Though it hasn’t officially supported a UK show in three years, Apple is actively considering attending a Mac show in the UK this year, “following four years of abandoning Britain in favor of either US announcements or European exhibitions,” according to a Macworld UK
“Macworld can exclusively reveal that Bob Denton of MacExpo Events Ltd. has had discussions with Apple US and European personnel, as well as meetings with new Apple UK managing director Mark Rogers,” according to the report. “Apple began discussing its presence at a UK Mac show during January’s Macworld Expo in San Francisco. At that time, Apple suggested alternative dates and venues that might fit their UK objectives more closely.”
Why the long absence of Apple at a UK show? It’s a long, sad story. Apple pulled out of EMAP’s Apple Expo 98, apparently unhappy with the event’s cross-platform focus. Apple then created its own team for Apple Expo 99 (originally slated to run November 25-27, 1999 at London’s Olympia). The company then postponed this in favor of Apple Expo 2000, which was slated to run March 30, through April 1, 2000.
Apple Expo 2000 was conceived by Apple and show organizer CKS as a “bigger and better” replacement for the shelved Apple Expo 99. In fact, for the first time in the UK, Apple Expo 2000 was designated by Apple as one of the five major Apple global events. The expo was touted as the “biggest, most inspirational Apple-only event ever to be staged in the UK.”
A move to Wembley was meant to provide a giant arena for a keynote address by Steve Jobs. Wembley’s conference hall could seat 2,600 UK Mac fans that had never seen the legendary CEO speak before. However, just days before the deadline and with 70 percent of the floor space booked, Apple canned the show and put all its resources behind a “European” Apple Expo to be held in September in Paris.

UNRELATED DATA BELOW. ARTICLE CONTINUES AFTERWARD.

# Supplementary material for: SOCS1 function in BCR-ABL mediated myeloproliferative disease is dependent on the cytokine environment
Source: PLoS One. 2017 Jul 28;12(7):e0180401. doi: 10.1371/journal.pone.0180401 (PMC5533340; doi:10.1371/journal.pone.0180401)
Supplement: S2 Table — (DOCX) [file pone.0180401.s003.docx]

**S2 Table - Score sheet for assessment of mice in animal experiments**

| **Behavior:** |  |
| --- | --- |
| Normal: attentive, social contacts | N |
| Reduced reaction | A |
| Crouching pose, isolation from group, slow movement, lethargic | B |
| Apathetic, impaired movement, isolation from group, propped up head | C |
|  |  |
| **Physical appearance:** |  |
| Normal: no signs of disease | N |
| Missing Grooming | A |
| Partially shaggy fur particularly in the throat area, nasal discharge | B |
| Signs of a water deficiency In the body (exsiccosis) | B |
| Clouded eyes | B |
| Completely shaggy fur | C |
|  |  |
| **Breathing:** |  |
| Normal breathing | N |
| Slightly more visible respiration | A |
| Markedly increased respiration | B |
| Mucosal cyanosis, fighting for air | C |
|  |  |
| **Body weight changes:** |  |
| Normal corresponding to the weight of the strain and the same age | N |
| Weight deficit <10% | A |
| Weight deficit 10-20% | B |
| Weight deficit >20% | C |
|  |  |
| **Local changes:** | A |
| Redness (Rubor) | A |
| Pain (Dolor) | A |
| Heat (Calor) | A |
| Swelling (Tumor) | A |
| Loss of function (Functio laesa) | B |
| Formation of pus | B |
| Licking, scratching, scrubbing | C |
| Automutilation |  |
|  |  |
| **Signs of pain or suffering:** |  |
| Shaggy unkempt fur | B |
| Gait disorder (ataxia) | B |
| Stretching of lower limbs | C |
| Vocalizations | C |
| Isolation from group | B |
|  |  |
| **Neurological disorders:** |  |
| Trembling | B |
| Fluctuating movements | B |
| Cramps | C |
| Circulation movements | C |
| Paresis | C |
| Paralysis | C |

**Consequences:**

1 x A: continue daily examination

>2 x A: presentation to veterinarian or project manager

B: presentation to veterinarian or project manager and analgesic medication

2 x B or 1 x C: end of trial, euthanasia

Apple told Macworld UK that the withdrawal was a “further refinement” of its “global strategy.” UK public-relations manager, David Millar, said that September’s Paris-based Apple Expo would now be Apple’s only European event.
“Exhibitions are only one part of the marketing mix,” said Millar. “We have to make the most effective use of our marketing funds as possible, and that is the backdrop to our decision to pull out of Apple Expo 2000 in the UK.”
According to Millar, Apple junked the UK show to “maximize the global impact” of its marketing efforts. Evidently, the UK show was abandoned in favor of NAB (the National Association of Broadcasters show, Las Vegas) and Internet World.
Following the announcement that Apple was to pull out of the Expo, exhibitors, resellers and Apple users were infuriated. A series of meetings were held between Apple and Web/CKS in an attempt to salvage something from the fiasco — however, nothing was. And UK attendees of the Paris show complained that it was “French-centric” with little English-language content.
In response, UK exhibitors got together to produce their own show, called The Expo 2000, which took place at London’s Business Design Center at the end of September 2000. Although exhibitor numbers were limited, major players — such as Microsoft, Macromedia, Quark and Hewlett-Packard — did attend the event, as did 10,450 visitors.
This year’s event — to be called “MacExpo” — will again be run at Islington’s Business Design Center (termed “Designer Central” by the organizers) from Nov. 22-24.